Median home prices grow in LA, skyrocket in Glassell Park

Paris Hilton and her Beverly Hills estate
Paris Hilton and her Beverly Hills estate

The median home price in Los Angeles County rose by about 7 percent to $530,000 between November 2015 and November 2016.

Its growth rate exceeded the 6 percent average for other metropolitan areas that have median sale prices over $500,000, data complied by Redfin shows. For example, San Jose has a median sales price of $875,000, but its 4.2 percent growth rate is significantly lower than that of L.A., according to Redfin.

“[The growth in] L.A. is really remarkable considering how expensive it is,” a Redfin specialist told The Real Deal.

Some neighborhoods within L.A. are growing faster than others, in terms of median per-square-foot home prices. Glassell Park took the cake with a 25.3 percent year-over-year increase, followed by West Adams and Mid-City, according to data pulled by Redfin.

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Northeast L.A. neighborhoods have grown consistently in recent years. Glassell Park is at the top this year because many people have already been priced out of nearby Eagle Rock and Highland Park.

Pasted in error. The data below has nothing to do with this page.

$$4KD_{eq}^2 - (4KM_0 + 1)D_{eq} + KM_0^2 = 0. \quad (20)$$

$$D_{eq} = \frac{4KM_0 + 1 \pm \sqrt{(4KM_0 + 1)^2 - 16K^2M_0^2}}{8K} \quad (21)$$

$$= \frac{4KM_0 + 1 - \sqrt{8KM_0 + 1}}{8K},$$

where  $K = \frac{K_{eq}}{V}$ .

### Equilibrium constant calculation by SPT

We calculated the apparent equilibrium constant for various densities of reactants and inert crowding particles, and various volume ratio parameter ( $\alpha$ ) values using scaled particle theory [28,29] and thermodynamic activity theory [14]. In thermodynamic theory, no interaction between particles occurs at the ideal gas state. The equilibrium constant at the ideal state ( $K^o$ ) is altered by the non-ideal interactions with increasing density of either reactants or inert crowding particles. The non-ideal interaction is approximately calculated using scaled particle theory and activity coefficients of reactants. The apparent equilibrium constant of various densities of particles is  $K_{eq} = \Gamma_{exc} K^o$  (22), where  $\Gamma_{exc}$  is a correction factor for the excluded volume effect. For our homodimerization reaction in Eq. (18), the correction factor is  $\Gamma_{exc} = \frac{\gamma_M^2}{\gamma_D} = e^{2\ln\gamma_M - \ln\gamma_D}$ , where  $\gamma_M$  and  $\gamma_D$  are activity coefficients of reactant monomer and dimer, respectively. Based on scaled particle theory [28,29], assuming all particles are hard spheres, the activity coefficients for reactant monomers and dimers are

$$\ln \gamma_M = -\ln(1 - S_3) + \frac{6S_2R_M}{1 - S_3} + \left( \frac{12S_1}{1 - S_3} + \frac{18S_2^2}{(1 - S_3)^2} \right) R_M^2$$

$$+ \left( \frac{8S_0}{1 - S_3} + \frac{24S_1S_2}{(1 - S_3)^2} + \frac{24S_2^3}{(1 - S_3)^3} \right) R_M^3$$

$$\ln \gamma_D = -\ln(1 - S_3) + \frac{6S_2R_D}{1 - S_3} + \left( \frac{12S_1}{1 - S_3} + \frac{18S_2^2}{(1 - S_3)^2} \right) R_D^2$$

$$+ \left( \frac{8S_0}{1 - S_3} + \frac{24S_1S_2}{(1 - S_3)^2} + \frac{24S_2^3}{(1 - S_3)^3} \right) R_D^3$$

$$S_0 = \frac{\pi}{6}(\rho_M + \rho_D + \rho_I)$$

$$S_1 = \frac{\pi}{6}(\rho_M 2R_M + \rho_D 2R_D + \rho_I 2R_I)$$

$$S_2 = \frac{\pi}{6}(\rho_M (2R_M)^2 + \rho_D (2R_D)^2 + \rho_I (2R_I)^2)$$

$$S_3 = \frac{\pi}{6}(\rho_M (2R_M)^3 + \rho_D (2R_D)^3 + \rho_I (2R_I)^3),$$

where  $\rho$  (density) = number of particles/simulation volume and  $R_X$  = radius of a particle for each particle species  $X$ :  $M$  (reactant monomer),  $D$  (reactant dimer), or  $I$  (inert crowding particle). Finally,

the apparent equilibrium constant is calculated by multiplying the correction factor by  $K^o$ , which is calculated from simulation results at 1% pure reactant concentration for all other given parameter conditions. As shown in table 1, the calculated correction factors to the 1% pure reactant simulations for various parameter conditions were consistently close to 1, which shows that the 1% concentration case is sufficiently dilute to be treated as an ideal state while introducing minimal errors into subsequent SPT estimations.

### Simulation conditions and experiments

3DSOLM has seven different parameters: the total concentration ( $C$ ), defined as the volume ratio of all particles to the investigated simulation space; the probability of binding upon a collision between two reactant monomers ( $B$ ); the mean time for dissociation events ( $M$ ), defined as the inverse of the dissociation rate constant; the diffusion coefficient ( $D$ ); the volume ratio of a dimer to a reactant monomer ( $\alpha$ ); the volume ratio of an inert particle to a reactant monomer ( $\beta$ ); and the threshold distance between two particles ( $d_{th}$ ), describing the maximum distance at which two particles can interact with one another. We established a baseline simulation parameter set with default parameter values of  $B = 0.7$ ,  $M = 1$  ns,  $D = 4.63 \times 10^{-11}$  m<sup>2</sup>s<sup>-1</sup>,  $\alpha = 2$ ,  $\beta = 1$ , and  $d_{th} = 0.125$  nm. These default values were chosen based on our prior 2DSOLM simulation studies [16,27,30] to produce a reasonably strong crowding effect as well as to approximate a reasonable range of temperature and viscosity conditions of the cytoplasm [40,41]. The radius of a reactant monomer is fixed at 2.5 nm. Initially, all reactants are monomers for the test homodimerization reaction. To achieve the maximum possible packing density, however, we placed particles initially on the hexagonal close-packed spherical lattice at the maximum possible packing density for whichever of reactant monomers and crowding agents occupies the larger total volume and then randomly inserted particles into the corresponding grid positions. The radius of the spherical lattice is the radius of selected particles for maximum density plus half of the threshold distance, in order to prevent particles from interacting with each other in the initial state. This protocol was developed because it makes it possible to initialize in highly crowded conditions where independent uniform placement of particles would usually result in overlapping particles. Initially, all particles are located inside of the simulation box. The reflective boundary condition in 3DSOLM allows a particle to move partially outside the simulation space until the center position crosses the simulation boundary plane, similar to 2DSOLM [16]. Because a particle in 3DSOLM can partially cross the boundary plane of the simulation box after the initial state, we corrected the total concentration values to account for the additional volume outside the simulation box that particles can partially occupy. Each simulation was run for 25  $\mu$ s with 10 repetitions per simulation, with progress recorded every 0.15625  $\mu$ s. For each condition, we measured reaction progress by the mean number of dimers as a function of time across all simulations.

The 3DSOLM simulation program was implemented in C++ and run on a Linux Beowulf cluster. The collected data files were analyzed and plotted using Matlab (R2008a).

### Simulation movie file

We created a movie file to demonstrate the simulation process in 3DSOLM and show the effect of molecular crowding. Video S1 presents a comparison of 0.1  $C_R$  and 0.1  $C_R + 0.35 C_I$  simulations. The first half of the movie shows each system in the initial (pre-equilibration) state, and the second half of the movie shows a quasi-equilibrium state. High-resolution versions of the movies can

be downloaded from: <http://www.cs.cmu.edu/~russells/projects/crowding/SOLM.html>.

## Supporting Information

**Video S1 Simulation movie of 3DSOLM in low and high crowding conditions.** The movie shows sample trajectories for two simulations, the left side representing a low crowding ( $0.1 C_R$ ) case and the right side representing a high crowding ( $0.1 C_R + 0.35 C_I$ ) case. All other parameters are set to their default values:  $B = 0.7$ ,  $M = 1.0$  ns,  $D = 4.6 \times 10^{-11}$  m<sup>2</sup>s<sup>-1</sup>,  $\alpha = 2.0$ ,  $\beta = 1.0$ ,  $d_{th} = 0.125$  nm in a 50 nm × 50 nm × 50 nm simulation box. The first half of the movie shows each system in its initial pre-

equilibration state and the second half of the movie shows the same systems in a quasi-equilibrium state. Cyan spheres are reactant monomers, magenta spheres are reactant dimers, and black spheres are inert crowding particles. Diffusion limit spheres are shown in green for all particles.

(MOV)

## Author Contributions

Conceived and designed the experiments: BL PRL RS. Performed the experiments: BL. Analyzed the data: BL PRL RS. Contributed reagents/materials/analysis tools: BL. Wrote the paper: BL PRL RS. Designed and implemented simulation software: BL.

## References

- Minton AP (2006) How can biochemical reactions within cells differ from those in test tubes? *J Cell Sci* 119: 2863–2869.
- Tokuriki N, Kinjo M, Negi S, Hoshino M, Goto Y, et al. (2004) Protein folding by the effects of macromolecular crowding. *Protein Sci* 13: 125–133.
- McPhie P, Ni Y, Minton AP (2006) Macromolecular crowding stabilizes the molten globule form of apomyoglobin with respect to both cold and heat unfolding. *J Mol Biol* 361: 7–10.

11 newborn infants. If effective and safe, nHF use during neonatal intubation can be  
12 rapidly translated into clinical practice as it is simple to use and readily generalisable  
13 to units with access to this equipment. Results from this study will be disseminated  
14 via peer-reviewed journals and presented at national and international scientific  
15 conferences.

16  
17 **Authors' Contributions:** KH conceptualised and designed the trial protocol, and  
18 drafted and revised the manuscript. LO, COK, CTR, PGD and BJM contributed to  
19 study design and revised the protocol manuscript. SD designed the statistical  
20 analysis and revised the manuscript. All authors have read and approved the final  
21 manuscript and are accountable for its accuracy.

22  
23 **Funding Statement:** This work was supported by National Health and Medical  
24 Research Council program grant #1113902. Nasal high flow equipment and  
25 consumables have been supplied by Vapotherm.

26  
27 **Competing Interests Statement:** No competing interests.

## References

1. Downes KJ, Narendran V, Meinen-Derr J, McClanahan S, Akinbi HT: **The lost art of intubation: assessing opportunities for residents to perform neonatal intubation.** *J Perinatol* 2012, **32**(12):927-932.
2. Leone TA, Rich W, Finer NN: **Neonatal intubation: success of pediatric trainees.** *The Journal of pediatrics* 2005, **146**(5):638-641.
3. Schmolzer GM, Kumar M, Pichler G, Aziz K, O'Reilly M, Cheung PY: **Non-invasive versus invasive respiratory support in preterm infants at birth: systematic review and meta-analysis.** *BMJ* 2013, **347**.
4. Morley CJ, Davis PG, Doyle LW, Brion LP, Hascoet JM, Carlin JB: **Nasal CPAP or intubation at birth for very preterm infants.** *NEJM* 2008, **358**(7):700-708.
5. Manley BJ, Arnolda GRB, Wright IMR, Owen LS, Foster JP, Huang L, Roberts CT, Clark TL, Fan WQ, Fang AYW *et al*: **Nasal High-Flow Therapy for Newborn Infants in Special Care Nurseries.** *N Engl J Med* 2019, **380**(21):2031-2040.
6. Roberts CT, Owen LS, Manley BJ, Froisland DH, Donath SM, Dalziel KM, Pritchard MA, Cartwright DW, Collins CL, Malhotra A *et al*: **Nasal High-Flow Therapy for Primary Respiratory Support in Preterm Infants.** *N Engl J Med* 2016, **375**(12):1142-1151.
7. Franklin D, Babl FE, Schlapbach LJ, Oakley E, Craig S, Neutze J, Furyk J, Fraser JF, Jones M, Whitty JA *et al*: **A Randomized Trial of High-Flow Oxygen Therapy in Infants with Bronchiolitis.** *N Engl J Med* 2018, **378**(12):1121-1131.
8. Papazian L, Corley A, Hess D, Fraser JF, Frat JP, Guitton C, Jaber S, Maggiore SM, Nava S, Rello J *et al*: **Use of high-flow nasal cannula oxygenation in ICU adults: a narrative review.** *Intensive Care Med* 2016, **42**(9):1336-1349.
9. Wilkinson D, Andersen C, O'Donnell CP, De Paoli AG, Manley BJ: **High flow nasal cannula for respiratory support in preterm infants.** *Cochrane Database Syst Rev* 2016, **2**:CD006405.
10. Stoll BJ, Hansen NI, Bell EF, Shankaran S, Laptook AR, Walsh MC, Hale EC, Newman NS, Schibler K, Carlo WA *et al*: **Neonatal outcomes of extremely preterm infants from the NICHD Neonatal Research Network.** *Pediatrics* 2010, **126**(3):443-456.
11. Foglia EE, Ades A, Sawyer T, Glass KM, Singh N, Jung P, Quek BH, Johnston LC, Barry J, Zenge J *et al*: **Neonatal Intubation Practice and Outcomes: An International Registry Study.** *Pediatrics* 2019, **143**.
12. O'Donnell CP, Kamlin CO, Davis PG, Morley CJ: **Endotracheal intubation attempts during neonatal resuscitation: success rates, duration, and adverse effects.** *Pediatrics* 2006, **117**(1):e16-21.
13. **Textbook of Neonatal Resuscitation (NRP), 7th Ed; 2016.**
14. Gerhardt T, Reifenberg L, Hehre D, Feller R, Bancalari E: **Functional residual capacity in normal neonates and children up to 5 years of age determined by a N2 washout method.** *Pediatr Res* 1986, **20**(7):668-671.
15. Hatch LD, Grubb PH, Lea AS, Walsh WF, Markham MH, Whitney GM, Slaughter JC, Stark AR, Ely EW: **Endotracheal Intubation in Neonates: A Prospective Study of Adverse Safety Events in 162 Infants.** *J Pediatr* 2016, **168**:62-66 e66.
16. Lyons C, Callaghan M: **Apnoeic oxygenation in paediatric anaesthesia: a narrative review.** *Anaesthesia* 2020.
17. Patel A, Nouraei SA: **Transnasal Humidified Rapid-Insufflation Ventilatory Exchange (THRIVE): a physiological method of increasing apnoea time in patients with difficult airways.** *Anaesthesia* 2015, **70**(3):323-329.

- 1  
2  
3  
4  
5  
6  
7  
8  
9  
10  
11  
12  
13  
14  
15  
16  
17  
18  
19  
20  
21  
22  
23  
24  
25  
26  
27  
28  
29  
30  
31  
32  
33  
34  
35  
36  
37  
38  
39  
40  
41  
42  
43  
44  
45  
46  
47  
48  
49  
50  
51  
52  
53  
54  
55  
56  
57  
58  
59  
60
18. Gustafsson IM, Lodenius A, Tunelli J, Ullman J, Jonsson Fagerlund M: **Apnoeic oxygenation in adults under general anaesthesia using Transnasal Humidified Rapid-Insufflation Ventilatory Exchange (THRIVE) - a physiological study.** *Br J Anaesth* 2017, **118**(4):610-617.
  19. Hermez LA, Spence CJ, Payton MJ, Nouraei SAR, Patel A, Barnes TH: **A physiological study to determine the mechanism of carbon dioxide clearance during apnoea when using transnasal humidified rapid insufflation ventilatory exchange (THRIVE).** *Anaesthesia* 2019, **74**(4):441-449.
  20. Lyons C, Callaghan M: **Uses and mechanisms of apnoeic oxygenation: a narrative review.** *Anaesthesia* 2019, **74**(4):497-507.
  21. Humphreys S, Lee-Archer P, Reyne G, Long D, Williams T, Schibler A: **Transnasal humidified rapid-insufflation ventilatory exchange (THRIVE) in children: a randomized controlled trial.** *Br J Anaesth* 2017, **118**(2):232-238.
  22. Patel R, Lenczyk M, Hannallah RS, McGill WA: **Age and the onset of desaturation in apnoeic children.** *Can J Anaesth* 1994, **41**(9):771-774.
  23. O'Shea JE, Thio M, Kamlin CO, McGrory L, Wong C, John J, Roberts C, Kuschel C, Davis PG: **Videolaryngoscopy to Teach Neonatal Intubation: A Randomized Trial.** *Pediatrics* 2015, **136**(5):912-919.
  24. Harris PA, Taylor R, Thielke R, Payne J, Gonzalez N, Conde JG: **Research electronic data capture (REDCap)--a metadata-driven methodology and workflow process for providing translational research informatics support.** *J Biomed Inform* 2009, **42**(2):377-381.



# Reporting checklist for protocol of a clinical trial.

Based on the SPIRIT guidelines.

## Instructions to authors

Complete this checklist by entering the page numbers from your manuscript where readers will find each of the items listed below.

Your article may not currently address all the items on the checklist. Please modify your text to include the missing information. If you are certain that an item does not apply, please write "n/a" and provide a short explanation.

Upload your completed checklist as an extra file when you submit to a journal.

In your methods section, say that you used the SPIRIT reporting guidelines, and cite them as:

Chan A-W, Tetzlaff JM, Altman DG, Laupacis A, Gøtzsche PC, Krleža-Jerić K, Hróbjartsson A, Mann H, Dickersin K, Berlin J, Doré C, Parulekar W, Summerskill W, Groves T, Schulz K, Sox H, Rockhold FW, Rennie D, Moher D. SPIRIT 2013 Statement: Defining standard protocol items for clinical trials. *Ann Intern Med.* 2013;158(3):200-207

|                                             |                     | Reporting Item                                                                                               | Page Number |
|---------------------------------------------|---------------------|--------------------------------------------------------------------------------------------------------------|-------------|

A handful of neighborhoods posted negative year-over-year changes in median price per square foot. The Beverly Hills Post Office area, for instance, saw a 12.5 percent decrease.

When looking at micro-neighborhoods, however, the changes can be refletive of one or two large sales, the Redfin analyst stressed.

In the county at large, there has been only minor fluctuation on a month-to-month basis. Between October and November, L.A.’s median home price dipped 1 percent. Between September and October, it was up 1 percent. In the greater Southern California region, home prices have not changed much month-over-month since June, which some economists see as a sign of a slowdown.

“Growth may very well slow down, but it certainly won’t stop,” Redfin researcher Taylor Marr said, citing high housing demand in La La Land. “It’s possible that [prices] will stabilize and grow at a slower pace, but there won’t be major changes to the stock or population changes to warrant large scale changes [in L.A.].”